We find aspects in Noach‘s conduct that show that he did not possess complete righteousness. Therefore, if Torah would have described Noach as a “perfect Tzaddik” and not pointed out that this was “in his generations” (only with regard to his generation), one could think that such a conduct is the conduct of a perfect Tzaddik. Therefore, the opposite of praise for Noach, needed to be emphasized - in order to learn a clear lesson how one should act.
3. According to this, one could additionally say:
The intent of: ‘“There are some (that) interpret it derogatorily", is not to tell us that Noach had an actual fault, but rather “they interpret it derogatorily” – it is an interpretation and study (what is considered a) “derogation” for another, to prevent him from a shortcoming and mistake by learning from Noach.
For one could say that the dispute:
“Some . . interpret it favorably . . and some interpret it derogatorily”
is not a debate concerning the level of Noach‘s righteousness. Rather both are saying independent ideas that do not conflict.
They do not argue, in actually, whether Noach‘s righteousness, “would have been considered of any importance, in Abraham’s generation”. On the other hand, they all hold that Noach was not at fault for not being such a great Tzaddik as Abraham. For it was because of the situation and great decline of his (Noach’s) generation. Additionally, that “if he had been in a generation of Tzaddikim he would have been even more righteous”.
The issue is – what is the Torah emphasizing with the word “in his generations”?
This is what is meant by “some interpret it derogatorily“. With regard to Noach himself, this is not any aspect of derogation or lacking. For being in such a generation, it was not applicable to be of the same caliber of righteousness as that of Avraham. However, Torah must inform us that this level of righteousness is not the true completeness. On the contrary, it is a level of “derogation” compared to Avraham’s level ( “would not have been considered of any importance“). This is in order that the lesson of the story be clear.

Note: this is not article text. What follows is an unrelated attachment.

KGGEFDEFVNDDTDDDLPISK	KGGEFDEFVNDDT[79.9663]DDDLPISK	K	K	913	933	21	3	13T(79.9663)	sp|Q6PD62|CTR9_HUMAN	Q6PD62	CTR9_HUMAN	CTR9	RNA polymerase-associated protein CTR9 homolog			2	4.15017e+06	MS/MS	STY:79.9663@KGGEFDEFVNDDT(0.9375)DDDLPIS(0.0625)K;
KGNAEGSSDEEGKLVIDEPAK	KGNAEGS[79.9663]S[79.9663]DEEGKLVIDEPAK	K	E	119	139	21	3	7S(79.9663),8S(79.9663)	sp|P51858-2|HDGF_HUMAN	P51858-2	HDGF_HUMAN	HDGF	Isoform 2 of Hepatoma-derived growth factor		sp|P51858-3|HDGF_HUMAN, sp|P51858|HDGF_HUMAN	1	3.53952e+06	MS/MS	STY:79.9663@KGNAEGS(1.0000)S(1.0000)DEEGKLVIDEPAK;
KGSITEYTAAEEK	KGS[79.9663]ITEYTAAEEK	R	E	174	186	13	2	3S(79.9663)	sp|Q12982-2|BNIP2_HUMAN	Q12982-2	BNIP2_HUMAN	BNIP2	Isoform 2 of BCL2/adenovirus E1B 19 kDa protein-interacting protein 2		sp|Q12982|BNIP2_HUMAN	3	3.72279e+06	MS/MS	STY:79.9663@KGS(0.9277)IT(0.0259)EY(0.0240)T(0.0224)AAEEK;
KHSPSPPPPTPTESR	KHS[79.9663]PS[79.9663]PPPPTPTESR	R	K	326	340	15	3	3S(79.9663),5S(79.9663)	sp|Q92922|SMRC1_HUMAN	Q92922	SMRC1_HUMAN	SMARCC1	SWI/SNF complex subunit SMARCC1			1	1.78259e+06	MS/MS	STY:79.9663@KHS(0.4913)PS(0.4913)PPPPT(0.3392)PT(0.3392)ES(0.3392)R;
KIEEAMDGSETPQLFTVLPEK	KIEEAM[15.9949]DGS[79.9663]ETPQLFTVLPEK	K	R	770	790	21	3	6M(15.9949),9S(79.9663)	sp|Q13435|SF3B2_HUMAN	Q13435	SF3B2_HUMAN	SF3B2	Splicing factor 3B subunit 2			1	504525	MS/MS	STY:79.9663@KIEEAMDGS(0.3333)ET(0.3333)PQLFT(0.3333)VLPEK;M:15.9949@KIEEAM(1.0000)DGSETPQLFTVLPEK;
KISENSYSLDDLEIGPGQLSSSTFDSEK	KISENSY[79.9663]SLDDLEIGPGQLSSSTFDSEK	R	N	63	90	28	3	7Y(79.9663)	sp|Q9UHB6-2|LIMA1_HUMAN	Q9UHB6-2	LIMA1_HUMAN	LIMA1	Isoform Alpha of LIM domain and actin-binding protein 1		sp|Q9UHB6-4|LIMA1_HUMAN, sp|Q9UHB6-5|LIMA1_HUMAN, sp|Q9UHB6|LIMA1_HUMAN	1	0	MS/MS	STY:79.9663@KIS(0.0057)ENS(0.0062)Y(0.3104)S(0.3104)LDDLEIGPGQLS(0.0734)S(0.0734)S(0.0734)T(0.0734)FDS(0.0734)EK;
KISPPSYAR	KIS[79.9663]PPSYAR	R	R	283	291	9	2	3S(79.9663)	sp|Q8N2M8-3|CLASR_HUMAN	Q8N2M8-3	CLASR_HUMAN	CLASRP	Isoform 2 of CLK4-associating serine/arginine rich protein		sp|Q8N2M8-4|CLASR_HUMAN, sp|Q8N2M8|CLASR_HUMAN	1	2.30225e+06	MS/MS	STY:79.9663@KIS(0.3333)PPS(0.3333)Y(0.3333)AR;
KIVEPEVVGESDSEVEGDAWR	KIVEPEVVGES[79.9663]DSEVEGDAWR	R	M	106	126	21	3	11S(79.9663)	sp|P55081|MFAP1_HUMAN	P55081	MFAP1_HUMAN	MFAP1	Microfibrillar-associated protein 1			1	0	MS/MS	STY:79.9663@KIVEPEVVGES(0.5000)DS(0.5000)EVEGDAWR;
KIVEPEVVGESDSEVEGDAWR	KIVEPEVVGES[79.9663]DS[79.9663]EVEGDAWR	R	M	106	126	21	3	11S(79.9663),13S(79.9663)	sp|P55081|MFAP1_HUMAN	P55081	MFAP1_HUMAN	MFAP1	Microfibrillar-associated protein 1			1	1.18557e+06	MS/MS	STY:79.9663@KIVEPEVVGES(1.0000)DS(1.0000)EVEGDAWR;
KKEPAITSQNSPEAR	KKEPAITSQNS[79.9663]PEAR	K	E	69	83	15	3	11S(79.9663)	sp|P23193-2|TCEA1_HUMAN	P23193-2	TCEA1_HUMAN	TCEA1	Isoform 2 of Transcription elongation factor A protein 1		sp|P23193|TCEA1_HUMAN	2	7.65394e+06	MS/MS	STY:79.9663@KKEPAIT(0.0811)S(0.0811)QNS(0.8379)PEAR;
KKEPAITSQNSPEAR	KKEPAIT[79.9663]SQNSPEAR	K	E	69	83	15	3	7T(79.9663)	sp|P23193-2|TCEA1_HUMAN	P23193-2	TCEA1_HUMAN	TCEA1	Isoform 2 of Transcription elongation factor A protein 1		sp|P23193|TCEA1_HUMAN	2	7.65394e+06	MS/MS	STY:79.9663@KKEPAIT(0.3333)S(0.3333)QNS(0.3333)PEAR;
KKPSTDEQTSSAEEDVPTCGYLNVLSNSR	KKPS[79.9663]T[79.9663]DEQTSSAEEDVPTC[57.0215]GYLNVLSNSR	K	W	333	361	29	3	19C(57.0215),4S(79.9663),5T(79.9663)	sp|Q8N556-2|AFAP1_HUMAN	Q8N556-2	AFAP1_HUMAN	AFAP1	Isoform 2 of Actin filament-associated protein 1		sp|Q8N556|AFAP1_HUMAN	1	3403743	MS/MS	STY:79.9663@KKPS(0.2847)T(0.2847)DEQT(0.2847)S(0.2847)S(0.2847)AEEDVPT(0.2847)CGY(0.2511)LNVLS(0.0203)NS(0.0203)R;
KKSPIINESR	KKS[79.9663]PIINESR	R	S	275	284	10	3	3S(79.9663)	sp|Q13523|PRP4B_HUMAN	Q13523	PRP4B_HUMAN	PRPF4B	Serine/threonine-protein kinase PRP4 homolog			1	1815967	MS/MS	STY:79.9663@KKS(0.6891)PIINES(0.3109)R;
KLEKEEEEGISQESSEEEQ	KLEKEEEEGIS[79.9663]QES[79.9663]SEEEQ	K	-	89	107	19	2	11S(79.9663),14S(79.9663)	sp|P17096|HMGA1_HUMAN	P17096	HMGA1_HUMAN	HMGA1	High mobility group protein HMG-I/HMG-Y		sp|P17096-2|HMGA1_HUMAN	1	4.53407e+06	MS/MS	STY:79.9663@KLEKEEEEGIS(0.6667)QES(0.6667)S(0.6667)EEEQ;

4. In the same manner, one can explain the two views of R’ Yehuda and R’ Yitzchak concerning that which Noach did not pray for his generation:
It is that “both are saying independent ideas that do not conflict“:
Even R’ Yitzchak admits that the reason that Noach did not pray for the people of his generation is because he was (in that situation) not able to pray for them. This was because “there was no one to depend his prayers on, like Moshe (was able to do so)”. Therefore, it was not a fault of Noach.
R’ Yitzchak, however, comes to warn us, that there should not come about a mishap, G-d forbid in a future generation, by interpreting that there is no fault if one does not pray for the people of his generation. Therefore R’ Yitzchak states that one must interpret (convey) that the matter, in and of itself, is a derogation (even though, that regarding Noach himself, it could not have been in another manner). For one must endeavor, in all possible ways, to pray and beseech mercy for another Yid.